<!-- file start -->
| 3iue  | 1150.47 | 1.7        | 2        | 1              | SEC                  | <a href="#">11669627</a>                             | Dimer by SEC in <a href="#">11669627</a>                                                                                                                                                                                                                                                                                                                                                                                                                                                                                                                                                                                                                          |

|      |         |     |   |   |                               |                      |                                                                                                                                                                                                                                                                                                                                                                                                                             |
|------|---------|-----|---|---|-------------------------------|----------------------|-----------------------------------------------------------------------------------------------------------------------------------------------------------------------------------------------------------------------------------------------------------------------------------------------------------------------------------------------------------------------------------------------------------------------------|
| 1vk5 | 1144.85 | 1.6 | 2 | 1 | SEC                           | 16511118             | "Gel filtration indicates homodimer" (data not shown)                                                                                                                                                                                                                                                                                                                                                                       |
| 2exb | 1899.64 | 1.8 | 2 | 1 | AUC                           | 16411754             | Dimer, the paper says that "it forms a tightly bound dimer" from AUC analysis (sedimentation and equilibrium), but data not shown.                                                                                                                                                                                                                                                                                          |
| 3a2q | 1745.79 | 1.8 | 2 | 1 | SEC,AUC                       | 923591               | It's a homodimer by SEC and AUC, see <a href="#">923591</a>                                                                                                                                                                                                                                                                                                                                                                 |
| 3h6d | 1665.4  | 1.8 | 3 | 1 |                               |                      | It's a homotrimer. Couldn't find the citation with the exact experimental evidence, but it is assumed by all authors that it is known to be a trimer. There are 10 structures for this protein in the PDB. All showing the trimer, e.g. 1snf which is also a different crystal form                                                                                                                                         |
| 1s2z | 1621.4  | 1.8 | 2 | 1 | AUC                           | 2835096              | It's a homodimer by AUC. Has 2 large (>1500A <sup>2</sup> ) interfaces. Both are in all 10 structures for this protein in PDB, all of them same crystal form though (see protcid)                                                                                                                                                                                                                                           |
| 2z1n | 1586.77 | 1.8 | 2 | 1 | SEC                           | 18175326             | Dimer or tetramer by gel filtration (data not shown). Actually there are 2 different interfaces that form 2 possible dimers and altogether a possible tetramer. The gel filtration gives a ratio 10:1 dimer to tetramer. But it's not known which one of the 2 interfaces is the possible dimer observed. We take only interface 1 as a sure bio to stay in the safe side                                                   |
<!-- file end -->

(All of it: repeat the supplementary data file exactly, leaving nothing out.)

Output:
| 3iue  | 1150.47 | 1.7        | 2        | 1              | SEC                  | <a href="#">11669627</a>                             | Dimer by SEC in <a href="#">11669627</a>                                                                                                                                                                                                                                                                                                                                                                                                                                                                                                                                                                                                                          |

|      |         |     |   |   |                               |                      |                                                                                                                                                                                                                                                                                                                                                                                                                             |
|------|---------|-----|---|---|-------------------------------|----------------------|-----------------------------------------------------------------------------------------------------------------------------------------------------------------------------------------------------------------------------------------------------------------------------------------------------------------------------------------------------------------------------------------------------------------------------|
| 1vk5 | 1144.85 | 1.6 | 2 | 1 | SEC                           | 16511118             | "Gel filtration indicates homodimer" (data not shown)                                                                                                                                                                                                                                                                                                                                                                       |
| 2exb | 1899.64 | 1.8 | 2 | 1 | AUC                           | 16411754             | Dimer, the paper says that "it forms a tightly bound dimer" from AUC analysis (sedimentation and equilibrium), but data not shown.                                                                                                                                                                                                                                                                                          |
| 3a2q | 1745.79 | 1.8 | 2 | 1 | SEC,AUC                       | 923591               | It's a homodimer by SEC and AUC, see <a href="#">923591</a>                                                                                                                                                                                                                                                                                                                                                                 |
| 3h6d | 1665.4  | 1.8 | 3 | 1 |                               |                      | It's a homotrimer. Couldn't find the citation with the exact experimental evidence, but it is assumed by all authors that it is known to be a trimer. There are 10 structures for this protein in the PDB. All showing the trimer, e.g. 1snf which is also a different crystal form                                                                                                                                         |
| 1s2z | 1621.4  | 1.8 | 2 | 1 | AUC                           | 2835096              | It's a homodimer by AUC. Has 2 large (>1500A <sup>2</sup> ) interfaces. Both are in all 10 structures for this protein in PDB, all of them same crystal form though (see protcid)                                                                                                                                                                                                                                           |
| 2z1n | 1586.77 | 1.8 | 2 | 1 | SEC                           | 18175326             | Dimer or tetramer by gel filtration (data not shown). Actually there are 2 different interfaces that form 2 possible dimers and altogether a possible tetramer. The gel filtration gives a ratio 10:1 dimer to tetramer. But it's not known which one of the 2 interfaces is the possible dimer observed. We take only interface 1 as a sure bio to stay in the safe side                                                   |